A year on from their last article in AG, Prof Russell Viner, Officer for Health Promotion at the Royal College of Paediatrics and Child Health, looks at how childhood obesity has developed in the months that have past…
As we move into 2016 millions of children, young people and their families around the country are making a series of pledges about how they are going to improve their health and wellbeing for the year ahead. But in an environment where fast food is seen as the affordable, easy option, and sedentary lifestyles are all too often the norm, how can we expect these pledges to be kept.
At the end of 2014, the Chair of the Royal College of Paediatrics and Child Health’s Nutrition Committee, Dr Colin Michie, wrote an article for AG which deemed obesity as one of the biggest public health threats facing the UK. And as we published, it was even dubbed ‘the new smoking’ by the NHS England Chief Executive Simon Stevens.
Since that point, not much has changed. Around one in five 5-year-olds and one in three 10-year-olds are overweight or obese in the UK. And children born since the 1980s are up to three times more likely than older generations to be overweight or obese by the age of 10.
This is a real concern as obesity increases the risk of a range of chronic conditions such as diabetes, high blood pressure, cardiovascular disease and bowel cancer. It also increases the likelihood of developing asthma and joint problems. And as we see a trend in children becoming overweight and obese earlier, we also see conditions associated with it much sooner – treatment for which all adds up.
The UK currently spends about £6 billion a year – up from the £5 billion estimated last year – on the medical costs of conditions related to being overweight or obese. That’s a significant chunk of money for a cash strapped service to find. So it’s clear that urgent action is needed to tackle it.
One huge step forward in the fight to improve childhood obesity rates came in the summer of 2015 when Government announced the development of a childhood obesity strategy. This is great news for children and the future health of our nation. Why? Because an obese parent is more likely to have an obese child; with an obese child being 80% more likely to continue on that trajectory as they move through life. So to improve rates in the long-term, we must get it right in childhood.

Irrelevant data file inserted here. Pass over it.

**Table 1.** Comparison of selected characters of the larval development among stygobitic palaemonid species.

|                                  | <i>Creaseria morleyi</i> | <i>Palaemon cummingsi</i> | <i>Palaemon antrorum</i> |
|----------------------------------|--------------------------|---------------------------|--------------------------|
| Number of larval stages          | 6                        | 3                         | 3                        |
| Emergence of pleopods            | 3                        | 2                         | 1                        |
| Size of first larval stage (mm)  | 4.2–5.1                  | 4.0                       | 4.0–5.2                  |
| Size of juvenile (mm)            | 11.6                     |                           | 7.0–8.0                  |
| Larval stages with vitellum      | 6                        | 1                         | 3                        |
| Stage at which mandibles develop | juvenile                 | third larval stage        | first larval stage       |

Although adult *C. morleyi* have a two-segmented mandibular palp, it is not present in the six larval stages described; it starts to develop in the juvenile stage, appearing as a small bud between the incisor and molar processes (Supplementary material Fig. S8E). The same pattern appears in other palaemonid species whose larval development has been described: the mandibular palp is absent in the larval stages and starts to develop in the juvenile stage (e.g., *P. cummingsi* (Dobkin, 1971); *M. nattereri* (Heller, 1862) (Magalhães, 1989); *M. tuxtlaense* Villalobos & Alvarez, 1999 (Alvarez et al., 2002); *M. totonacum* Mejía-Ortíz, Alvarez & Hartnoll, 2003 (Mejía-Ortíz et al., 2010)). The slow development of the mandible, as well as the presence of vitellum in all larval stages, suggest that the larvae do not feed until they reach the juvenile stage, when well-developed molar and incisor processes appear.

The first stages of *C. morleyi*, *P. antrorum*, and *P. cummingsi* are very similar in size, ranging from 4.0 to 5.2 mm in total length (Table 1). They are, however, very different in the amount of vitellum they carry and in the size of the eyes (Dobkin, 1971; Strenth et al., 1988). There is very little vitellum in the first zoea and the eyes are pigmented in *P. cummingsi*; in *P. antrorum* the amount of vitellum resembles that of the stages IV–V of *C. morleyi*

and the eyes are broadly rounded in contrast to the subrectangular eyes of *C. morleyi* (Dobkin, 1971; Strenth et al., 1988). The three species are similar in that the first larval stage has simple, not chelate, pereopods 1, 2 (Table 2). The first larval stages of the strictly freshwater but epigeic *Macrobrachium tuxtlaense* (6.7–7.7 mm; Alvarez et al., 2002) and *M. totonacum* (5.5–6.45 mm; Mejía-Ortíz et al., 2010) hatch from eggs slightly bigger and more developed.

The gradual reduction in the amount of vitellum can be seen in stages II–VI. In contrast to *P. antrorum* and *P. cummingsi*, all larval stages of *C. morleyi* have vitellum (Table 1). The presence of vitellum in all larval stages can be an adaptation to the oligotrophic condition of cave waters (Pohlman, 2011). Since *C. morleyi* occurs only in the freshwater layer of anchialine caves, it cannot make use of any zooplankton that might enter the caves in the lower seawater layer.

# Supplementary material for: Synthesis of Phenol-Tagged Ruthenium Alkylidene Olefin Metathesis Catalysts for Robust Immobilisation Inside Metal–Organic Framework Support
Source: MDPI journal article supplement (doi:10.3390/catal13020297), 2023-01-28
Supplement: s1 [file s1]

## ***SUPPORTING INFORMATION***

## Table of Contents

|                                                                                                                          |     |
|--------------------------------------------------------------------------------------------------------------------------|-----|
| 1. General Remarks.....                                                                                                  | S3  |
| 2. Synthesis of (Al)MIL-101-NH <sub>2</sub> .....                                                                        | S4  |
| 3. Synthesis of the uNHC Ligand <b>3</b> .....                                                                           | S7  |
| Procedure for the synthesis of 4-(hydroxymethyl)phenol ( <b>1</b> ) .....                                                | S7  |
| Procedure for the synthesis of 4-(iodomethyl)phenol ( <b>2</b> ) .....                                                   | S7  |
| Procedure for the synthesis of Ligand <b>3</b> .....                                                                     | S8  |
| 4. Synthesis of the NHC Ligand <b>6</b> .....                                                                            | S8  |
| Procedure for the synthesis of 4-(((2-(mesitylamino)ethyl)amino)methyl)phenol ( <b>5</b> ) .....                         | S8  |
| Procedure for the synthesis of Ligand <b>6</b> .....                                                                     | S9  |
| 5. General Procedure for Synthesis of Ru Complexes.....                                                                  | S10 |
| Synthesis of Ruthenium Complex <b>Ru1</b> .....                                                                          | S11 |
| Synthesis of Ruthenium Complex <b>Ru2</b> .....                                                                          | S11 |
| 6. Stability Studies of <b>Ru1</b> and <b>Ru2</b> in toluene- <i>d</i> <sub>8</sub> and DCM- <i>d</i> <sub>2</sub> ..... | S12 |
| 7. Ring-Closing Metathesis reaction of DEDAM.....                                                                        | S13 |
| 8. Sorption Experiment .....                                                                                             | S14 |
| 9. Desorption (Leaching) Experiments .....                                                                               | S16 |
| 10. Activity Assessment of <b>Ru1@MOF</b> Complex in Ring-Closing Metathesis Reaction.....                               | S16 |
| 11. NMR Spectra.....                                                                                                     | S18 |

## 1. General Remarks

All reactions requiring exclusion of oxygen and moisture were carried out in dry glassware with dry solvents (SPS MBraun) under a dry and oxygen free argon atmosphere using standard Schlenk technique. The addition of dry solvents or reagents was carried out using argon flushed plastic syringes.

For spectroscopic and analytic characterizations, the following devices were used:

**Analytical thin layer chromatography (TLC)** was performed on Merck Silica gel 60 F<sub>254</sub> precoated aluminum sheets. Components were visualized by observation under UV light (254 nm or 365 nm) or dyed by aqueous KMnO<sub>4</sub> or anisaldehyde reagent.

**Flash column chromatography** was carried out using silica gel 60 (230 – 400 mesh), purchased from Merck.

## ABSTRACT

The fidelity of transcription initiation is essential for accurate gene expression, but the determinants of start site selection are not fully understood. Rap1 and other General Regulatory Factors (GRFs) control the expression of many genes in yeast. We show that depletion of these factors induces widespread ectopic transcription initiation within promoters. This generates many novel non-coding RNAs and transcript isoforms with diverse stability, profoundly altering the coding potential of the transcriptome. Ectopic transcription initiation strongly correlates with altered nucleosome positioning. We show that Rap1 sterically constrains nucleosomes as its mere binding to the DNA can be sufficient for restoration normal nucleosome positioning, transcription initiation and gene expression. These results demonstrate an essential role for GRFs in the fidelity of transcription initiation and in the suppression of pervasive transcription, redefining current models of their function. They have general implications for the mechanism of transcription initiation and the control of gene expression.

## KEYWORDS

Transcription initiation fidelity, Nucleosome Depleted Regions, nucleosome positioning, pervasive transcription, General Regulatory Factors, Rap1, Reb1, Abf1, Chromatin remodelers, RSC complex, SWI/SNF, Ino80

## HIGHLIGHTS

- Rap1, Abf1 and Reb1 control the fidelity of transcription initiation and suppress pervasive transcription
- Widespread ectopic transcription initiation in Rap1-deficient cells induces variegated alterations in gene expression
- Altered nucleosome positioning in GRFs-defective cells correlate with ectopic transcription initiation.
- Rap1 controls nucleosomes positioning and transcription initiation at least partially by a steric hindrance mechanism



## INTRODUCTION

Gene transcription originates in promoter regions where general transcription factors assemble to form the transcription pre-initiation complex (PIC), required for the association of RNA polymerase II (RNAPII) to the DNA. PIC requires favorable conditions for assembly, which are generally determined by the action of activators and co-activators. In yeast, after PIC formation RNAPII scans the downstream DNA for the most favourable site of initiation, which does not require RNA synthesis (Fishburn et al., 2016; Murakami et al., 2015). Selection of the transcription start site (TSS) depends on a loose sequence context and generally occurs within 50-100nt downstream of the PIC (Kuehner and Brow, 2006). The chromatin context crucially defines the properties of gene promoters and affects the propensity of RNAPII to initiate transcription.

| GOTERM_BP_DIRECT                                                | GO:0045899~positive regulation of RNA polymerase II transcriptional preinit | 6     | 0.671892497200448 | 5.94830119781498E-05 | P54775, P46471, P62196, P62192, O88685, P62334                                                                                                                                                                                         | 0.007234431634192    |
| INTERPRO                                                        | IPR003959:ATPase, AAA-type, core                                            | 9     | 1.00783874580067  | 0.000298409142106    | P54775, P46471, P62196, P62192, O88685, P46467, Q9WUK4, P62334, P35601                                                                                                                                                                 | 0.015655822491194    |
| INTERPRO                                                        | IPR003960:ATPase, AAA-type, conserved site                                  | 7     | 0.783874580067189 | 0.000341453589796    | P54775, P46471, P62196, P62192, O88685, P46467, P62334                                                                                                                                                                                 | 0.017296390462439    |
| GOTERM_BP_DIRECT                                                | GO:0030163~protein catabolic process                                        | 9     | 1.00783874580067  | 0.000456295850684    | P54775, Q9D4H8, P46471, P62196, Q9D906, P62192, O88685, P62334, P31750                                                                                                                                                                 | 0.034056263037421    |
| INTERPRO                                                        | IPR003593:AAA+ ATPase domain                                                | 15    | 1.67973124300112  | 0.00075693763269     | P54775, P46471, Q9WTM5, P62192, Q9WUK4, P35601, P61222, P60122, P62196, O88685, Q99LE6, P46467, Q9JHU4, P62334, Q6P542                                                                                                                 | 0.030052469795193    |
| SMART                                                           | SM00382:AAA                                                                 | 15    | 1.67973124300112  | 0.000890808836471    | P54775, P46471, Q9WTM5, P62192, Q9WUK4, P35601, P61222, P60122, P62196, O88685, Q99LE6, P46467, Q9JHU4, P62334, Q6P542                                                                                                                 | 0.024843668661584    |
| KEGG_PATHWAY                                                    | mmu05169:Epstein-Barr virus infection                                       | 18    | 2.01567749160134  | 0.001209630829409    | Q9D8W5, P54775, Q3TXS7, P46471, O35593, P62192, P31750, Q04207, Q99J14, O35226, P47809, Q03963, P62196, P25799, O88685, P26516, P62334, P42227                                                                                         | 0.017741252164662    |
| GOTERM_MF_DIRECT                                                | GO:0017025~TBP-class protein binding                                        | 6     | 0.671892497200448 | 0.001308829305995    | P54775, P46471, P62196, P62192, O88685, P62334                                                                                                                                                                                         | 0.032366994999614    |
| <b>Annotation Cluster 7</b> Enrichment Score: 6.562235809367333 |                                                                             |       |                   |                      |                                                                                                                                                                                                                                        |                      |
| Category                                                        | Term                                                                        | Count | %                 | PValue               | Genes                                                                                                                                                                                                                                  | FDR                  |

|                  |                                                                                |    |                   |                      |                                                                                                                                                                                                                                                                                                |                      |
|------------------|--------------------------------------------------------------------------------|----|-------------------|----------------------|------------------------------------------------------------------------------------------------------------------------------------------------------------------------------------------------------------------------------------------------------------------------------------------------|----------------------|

There’s no silver bullet when it comes to tackling obesity. What’s needed is a joined up approach and the Government’s child obesity strategy must reflect this. We need health professionals, the Government, schools, families, and the food and drink industry amongst others, to each play their part, make pledges of their own and crucially, deliver them, to combat this problem.
Pregnancy and early years
To prevent obesity taking hold in the first place, women must be supported before, during and after pregnancy when it comes to their weight, emotional and general health and wellbeing. Health visitors are ideally placed to support this but with £200million cuts to public health budgets in the New Year, the RCPCH is deeply concerned that this will have adverse effects. Health visitors will be placed under immense strain, potentially adding to the NHS’ financial burden in the long term. We’d like to see Government reverse this to prevent overweight and obesity happening.
Children are more likely to start putting on weight when they start going to school. In fact, we know that by the time a child leaves primary school, a third are overweight or obese.
School environments should be improved to ensure all aspects of them promote health, including school meals, provision of physical activity opportunities, the physical environment and elements of the curriculum.
We need to ensure children are taught about the importance of healthy lifestyles and healthy relationships from an early age – introducing statutory PSHE lessons in all schools is one way this can be done.
Outside the school gates
Placing restrictions on the number of fast food shops opening near schools is another way to tackle obesity. It is a crime that fast food is so cheap in comparison to healthier options and in some towns and cities; there can be several just a stone’s throw from school gates.
The way unhealthy food is advertised to children also needs to change. We’d like to see a ban on advertising of foods high in saturated fats, sugar and salt before 9pm and an agreement from commercial broadcasters that they will not allow these foods to be advertised on internet ‘on-demand’ services.
Looking to a healthier 2016
It’s great to start 2016 with a New Year’s resolution; especially those which make us aspire to be happier and healthier. But when it comes to obesity, we must first ensure we have policies in place that encourage healthy lifestyles and make the healthy choice the easy choice – Government’s upcoming childhood obesity strategy provides the catalyst for this.
As an expert in child and adolescent health and an advocate for children, I see first-hand the damage obesity can do to a child. I truly hope that this time next year, I look back at 2016 and see improvements to the health of our children and a brighter outlook for the health of future generations. Perhaps then our new year’s resolutions will be easier to keep.